Every day at school, I now use various strategies when I can feel the panic rising and the negative inner-voice reappearing. I will always have times of self-doubt, but I now value those times – I know that as a headteacher I have a tremendous amount of power over many lives and careers; and therefore I believe that a moment or more of self-reflection and careful consideration of all possible actions, is not a bad behaviour trait to have. When I am faced with a tricky situation and the Imposter Syndrome raises it’s head, I don’t allow the one moment to drown out all my previous successes and achievements. I know that it’s one moment of difficulty and not a reflection of my whole existence.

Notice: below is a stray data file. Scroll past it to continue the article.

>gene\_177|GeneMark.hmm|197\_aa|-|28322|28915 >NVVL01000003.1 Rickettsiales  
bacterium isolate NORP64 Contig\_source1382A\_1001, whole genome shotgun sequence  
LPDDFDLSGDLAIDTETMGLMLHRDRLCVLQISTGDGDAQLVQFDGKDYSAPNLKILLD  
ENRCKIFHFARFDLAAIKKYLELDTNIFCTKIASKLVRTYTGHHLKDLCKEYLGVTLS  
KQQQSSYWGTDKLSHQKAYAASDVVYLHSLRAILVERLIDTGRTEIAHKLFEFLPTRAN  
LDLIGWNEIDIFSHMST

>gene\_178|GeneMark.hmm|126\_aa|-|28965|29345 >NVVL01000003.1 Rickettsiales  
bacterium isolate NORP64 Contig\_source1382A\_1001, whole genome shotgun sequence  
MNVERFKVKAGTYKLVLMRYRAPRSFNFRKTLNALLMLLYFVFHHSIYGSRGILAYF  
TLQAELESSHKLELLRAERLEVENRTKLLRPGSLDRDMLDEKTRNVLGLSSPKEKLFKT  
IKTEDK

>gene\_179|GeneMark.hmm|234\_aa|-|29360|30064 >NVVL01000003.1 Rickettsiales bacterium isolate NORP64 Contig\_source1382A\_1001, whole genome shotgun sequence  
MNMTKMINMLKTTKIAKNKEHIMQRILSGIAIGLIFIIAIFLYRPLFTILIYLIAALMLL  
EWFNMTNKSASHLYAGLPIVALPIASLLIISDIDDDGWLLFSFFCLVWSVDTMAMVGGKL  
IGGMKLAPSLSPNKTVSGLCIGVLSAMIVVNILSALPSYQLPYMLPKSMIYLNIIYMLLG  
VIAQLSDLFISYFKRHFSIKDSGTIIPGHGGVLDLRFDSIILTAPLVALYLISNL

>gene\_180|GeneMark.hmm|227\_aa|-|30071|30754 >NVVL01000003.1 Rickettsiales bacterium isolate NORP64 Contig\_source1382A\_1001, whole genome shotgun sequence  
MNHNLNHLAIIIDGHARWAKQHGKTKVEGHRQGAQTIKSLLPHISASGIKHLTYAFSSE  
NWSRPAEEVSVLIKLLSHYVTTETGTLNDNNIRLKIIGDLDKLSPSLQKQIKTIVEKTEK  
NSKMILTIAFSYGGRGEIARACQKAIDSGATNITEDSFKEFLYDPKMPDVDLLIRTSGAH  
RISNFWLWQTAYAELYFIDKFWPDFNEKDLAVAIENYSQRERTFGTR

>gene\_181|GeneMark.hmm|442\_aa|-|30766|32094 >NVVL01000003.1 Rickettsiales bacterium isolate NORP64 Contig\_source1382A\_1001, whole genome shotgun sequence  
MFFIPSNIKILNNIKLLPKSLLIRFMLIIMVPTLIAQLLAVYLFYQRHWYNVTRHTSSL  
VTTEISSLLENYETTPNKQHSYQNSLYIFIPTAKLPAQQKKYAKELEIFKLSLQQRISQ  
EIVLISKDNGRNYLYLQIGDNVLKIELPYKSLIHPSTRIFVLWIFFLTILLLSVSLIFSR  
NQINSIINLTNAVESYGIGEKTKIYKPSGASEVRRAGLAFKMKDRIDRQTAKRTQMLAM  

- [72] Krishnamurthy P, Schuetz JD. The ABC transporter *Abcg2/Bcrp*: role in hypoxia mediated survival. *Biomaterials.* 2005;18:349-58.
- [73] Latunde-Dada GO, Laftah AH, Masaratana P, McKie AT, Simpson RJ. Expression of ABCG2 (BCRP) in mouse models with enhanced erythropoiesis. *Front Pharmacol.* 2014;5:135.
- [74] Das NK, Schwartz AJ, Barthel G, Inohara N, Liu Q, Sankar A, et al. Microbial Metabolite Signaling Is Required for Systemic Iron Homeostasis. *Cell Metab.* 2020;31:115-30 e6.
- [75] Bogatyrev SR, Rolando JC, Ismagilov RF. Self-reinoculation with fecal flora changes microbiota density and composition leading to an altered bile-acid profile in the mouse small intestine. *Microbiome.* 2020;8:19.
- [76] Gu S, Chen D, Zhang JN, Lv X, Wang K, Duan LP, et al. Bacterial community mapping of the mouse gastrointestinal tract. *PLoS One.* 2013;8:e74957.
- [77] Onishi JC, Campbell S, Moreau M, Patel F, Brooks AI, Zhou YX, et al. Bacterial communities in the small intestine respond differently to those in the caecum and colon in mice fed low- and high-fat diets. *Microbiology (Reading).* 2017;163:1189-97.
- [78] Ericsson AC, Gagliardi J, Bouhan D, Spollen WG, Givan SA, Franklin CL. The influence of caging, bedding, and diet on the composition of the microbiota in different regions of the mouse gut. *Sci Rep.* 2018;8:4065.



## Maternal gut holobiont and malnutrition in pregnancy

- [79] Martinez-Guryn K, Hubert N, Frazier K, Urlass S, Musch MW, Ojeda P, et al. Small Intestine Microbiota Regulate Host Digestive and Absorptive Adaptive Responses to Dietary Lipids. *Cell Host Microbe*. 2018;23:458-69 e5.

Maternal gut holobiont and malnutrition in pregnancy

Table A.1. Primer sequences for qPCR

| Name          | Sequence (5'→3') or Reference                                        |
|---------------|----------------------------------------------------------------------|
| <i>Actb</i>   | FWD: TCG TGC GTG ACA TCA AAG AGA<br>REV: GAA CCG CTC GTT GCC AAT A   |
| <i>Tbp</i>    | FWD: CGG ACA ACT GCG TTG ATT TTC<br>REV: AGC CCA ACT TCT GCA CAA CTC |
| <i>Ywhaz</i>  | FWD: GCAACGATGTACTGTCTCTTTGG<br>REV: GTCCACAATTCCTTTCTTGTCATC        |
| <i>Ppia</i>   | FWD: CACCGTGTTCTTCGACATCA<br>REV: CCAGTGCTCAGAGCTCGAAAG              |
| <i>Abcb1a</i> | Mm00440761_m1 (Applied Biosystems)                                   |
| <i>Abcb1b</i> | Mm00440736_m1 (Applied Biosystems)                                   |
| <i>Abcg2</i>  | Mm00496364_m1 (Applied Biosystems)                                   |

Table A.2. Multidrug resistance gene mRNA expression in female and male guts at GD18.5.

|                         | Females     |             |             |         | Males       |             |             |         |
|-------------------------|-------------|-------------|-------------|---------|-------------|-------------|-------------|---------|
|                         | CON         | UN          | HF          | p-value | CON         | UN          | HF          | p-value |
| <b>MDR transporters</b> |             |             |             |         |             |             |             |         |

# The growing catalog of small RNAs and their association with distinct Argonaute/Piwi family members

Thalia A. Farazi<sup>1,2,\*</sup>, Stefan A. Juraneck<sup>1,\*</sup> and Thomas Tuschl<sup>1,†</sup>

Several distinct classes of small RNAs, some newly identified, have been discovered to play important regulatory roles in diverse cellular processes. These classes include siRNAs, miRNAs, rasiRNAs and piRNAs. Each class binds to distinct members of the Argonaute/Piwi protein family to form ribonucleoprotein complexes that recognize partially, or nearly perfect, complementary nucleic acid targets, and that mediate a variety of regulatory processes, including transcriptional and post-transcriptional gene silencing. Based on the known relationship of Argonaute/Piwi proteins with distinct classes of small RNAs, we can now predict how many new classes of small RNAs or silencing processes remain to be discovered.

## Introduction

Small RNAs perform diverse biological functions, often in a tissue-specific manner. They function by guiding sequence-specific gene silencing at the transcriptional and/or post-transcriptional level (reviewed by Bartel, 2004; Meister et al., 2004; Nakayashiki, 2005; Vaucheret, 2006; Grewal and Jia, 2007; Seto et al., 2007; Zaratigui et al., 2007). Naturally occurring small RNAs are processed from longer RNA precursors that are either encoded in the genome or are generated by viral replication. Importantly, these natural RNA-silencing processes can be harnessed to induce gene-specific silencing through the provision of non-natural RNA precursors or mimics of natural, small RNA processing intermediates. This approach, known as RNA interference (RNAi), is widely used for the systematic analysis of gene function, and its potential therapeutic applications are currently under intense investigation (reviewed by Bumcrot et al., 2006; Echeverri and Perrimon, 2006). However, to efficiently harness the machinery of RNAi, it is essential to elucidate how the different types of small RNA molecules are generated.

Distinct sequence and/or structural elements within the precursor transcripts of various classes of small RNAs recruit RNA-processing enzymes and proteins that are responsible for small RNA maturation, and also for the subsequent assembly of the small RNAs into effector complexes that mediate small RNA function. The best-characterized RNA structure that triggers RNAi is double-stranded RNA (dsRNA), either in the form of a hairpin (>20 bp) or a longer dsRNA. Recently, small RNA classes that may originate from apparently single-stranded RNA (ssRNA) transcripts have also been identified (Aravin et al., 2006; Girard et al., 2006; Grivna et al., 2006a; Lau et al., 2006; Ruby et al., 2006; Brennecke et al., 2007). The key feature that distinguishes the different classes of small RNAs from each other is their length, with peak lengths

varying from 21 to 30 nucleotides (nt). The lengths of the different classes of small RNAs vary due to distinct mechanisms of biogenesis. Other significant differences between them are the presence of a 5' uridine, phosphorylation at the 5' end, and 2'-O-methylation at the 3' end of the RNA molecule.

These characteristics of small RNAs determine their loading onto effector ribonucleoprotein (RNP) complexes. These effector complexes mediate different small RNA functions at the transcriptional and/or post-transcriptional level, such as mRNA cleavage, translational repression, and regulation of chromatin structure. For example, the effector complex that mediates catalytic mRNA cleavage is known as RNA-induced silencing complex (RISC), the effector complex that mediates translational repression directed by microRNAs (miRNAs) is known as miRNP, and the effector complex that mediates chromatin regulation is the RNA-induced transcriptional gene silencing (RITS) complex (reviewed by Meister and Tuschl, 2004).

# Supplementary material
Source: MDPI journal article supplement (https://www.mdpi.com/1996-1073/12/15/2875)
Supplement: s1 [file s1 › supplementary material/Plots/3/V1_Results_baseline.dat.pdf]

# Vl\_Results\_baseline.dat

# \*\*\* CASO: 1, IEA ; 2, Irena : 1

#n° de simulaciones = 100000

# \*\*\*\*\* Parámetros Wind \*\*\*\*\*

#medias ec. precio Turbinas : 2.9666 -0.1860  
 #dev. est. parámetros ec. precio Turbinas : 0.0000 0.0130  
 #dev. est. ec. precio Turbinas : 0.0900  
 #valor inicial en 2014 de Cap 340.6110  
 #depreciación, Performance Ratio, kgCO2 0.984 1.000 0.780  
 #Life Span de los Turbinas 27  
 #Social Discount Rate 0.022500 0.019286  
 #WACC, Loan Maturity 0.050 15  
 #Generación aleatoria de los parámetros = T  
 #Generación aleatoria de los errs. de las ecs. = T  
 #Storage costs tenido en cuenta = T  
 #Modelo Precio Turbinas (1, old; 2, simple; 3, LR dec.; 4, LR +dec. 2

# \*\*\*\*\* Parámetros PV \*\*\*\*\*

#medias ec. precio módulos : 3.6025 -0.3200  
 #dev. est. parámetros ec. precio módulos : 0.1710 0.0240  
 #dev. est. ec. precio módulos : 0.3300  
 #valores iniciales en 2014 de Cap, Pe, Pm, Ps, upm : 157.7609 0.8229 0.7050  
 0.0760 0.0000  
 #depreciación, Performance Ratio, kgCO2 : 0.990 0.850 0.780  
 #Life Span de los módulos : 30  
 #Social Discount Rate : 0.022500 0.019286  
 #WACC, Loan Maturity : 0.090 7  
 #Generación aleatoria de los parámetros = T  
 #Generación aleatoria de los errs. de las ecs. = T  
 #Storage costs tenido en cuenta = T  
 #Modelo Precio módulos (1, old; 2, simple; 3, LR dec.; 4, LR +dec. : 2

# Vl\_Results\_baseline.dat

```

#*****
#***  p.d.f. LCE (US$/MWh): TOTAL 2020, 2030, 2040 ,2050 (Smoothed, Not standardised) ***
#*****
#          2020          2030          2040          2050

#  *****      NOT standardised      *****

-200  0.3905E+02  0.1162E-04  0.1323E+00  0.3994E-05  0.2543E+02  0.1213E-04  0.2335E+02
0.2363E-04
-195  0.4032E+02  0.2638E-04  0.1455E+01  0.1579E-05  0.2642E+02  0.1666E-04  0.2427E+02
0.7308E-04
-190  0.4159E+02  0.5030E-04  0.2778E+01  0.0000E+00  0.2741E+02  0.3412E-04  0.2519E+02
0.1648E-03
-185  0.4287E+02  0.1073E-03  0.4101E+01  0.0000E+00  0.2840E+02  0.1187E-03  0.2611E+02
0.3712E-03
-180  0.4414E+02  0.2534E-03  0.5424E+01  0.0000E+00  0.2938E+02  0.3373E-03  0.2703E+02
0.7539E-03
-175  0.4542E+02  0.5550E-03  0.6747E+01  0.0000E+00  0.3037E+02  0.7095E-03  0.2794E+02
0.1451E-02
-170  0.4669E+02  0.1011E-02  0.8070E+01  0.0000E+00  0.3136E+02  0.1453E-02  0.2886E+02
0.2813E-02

Mullholland, V. (2018) Why are there disproportionately few female school leaders and why are they paid less than their male colleagues?. The Times Educational Supplement. Retrieved from: https://www.tes.com/news/why-are-there-disproportionately-few-female-school-leaders-and-why-are-they-paid-less-their
Porritt, V., & Featherstone, K. (2019). 10% Braver: Inspiring Women to Lead Education.London, Sage.
Young, V. (2011). The Secret Thoughts of Successful Women. New York,Crown Business.